Directed by Sean McNamara. Starring AnnaSophia Robb, Dennis Quaid, Helen Hunt, Lorraine Nicholson, Carrie Underwood, Kevin Sorbo, Jeremy Sumpter, Ross Thomas, Sonya Balmores, Chris Brochu, Craig T. Nelson. (2011, PG, 106 min.)
REVIEWED By Marc Savlov, Fri., April 8, 2011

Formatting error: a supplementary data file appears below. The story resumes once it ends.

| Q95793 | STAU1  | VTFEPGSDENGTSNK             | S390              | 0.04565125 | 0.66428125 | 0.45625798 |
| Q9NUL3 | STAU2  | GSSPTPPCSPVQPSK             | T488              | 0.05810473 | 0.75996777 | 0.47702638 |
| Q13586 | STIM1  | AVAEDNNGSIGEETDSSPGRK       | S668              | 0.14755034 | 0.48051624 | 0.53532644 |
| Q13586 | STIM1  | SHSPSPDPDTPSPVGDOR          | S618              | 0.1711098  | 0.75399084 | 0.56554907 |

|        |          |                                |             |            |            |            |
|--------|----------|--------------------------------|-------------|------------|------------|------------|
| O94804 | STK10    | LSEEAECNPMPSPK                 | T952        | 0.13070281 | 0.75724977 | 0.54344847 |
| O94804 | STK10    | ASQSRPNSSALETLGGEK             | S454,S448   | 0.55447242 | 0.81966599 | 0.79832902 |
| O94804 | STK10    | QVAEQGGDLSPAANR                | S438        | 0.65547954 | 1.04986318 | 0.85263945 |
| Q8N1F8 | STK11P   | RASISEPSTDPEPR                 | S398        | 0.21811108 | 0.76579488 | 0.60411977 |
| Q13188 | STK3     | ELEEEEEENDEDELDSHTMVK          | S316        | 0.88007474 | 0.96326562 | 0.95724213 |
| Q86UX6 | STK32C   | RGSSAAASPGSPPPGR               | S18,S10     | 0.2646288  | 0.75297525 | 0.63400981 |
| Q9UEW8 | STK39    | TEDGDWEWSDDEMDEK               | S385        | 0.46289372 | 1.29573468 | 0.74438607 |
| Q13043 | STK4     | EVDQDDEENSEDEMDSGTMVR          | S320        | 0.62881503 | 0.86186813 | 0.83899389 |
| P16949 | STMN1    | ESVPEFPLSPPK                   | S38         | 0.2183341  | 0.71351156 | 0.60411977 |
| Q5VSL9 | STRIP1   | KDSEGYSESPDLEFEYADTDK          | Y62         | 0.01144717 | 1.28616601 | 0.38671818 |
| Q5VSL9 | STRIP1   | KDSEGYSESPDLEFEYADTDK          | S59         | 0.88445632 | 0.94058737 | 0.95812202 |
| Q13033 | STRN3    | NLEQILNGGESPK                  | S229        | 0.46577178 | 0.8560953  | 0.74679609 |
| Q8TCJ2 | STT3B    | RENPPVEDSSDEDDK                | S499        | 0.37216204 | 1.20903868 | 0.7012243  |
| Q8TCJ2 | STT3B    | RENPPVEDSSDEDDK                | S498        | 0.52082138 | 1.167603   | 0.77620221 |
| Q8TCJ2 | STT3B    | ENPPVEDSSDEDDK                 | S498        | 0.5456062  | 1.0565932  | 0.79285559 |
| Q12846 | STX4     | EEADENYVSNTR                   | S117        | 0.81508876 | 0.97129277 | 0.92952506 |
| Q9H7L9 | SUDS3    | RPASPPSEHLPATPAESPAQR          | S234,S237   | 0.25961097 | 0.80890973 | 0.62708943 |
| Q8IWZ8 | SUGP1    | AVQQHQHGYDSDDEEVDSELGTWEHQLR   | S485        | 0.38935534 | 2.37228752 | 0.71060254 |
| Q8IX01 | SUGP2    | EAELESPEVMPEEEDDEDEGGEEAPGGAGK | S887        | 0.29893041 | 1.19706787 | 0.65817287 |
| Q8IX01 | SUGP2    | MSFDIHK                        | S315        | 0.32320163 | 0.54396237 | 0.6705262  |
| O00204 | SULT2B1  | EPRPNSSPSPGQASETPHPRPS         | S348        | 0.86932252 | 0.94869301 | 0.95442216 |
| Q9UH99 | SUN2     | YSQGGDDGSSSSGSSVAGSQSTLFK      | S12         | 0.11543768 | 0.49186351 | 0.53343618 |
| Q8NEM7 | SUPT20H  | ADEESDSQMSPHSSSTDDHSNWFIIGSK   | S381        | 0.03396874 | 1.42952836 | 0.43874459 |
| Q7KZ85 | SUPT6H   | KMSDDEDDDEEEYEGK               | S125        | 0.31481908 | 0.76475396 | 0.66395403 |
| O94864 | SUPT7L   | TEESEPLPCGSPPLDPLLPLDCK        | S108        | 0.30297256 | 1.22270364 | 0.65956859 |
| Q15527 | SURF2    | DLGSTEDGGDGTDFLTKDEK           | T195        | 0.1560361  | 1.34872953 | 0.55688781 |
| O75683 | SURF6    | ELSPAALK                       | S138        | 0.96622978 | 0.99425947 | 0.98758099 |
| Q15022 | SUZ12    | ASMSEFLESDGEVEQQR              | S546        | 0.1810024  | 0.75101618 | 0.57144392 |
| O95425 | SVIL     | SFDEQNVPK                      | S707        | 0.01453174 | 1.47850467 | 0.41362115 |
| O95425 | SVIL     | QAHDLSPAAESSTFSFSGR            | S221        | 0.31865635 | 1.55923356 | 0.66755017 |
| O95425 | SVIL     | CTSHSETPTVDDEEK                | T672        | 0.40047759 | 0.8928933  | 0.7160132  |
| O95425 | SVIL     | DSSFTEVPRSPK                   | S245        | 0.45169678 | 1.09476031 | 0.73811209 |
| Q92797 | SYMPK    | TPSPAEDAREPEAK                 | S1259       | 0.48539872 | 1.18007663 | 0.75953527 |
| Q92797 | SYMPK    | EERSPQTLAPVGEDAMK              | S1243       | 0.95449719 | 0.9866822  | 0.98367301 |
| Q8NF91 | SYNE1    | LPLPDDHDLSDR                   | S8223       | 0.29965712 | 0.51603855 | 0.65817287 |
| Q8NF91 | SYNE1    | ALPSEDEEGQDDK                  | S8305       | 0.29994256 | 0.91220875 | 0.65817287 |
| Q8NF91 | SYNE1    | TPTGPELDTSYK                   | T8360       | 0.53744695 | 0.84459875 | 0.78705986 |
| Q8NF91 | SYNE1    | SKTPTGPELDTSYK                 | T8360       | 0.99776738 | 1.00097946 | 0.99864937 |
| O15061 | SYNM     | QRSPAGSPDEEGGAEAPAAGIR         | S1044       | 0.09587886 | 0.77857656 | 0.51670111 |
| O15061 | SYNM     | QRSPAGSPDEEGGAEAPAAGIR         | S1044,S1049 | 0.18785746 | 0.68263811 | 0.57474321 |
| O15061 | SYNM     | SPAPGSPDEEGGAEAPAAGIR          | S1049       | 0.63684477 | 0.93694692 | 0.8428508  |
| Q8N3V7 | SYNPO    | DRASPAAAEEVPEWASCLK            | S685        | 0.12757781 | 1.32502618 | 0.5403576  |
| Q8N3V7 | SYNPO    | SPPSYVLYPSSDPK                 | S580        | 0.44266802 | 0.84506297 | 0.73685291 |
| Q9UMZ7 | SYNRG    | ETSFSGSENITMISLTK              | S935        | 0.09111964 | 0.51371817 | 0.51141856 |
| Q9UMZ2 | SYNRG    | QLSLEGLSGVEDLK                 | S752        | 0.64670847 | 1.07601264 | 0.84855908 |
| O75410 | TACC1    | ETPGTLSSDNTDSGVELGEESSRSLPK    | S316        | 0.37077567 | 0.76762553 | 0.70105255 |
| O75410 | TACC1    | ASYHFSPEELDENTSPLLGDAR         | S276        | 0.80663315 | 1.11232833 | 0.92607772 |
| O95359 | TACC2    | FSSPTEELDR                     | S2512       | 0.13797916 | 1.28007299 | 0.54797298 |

Based on the true story of Bethany Hamilton, who lost her left arm to a shark at the age of 13 before going on to become one of surfing's all-time legends, Soul Surfer is faith-based filmmaking at its blandest. Which isn't to imply that what Hamilton (played here by Race to Witch Mountain's Robb) experienced – her life-changing ordeal, genuinely inspirational recovery, and eventual triumph against the odds – was a dull affair. It was anything but dull. However, as directed by That's So Raven's McNamara, the Hamilton family's beach-based, home-schooled, surf-infused lifestyle comes across as a particularly unspecial "Very Special Episode" of a television series that never made it past the pilot stage. There's nothing overtly disastrous about Soul Surfer, and its Christian worldview is, if anything, too timidly touched upon. The obvious metaphors that might be drawn from Hamilton's story – the tiger shark as a random diabolic entity, the ecstatic bliss of surfing as an analogy to Christ's walking on the Sea of Galilee – are nowhere to be found. And although the Hamiltons found refuge and strength in their deeply spiritual brand of Christianity, the most intriguing faith-based questions (i.e., "How could a loving God allow a shark to bite off the arm of a devout, 13-year-old girl?") are only lightly touched upon, which leaves the main story swimming in the narrative eddies. To be fair, Quaid and Hunt as Bethany's parents are completely natural in their roles; Quaid, particularly, looks as though he just wandered in from the beach. Director of photography John R. Leonetti, late of Piranha, does a terrific job capturing the lush, primal vitality of the Hawaiian islands, making them seem, intentionally, like the Edenic paradise they represented to the Hamilton family. But apart from the loveliness of their surroundings and the contrasting unloveliness of the shark attack and its aftermath, Soul Surfer could play just as well without its multiple sequences of beachfront churchgoing. Faith in the divine unknowable is at the heart of Bethany Hamilton's miraculous life, but it feels like it might have been an afterthought in the minds of Soul Surfer's seven screenwriters and 21 producers.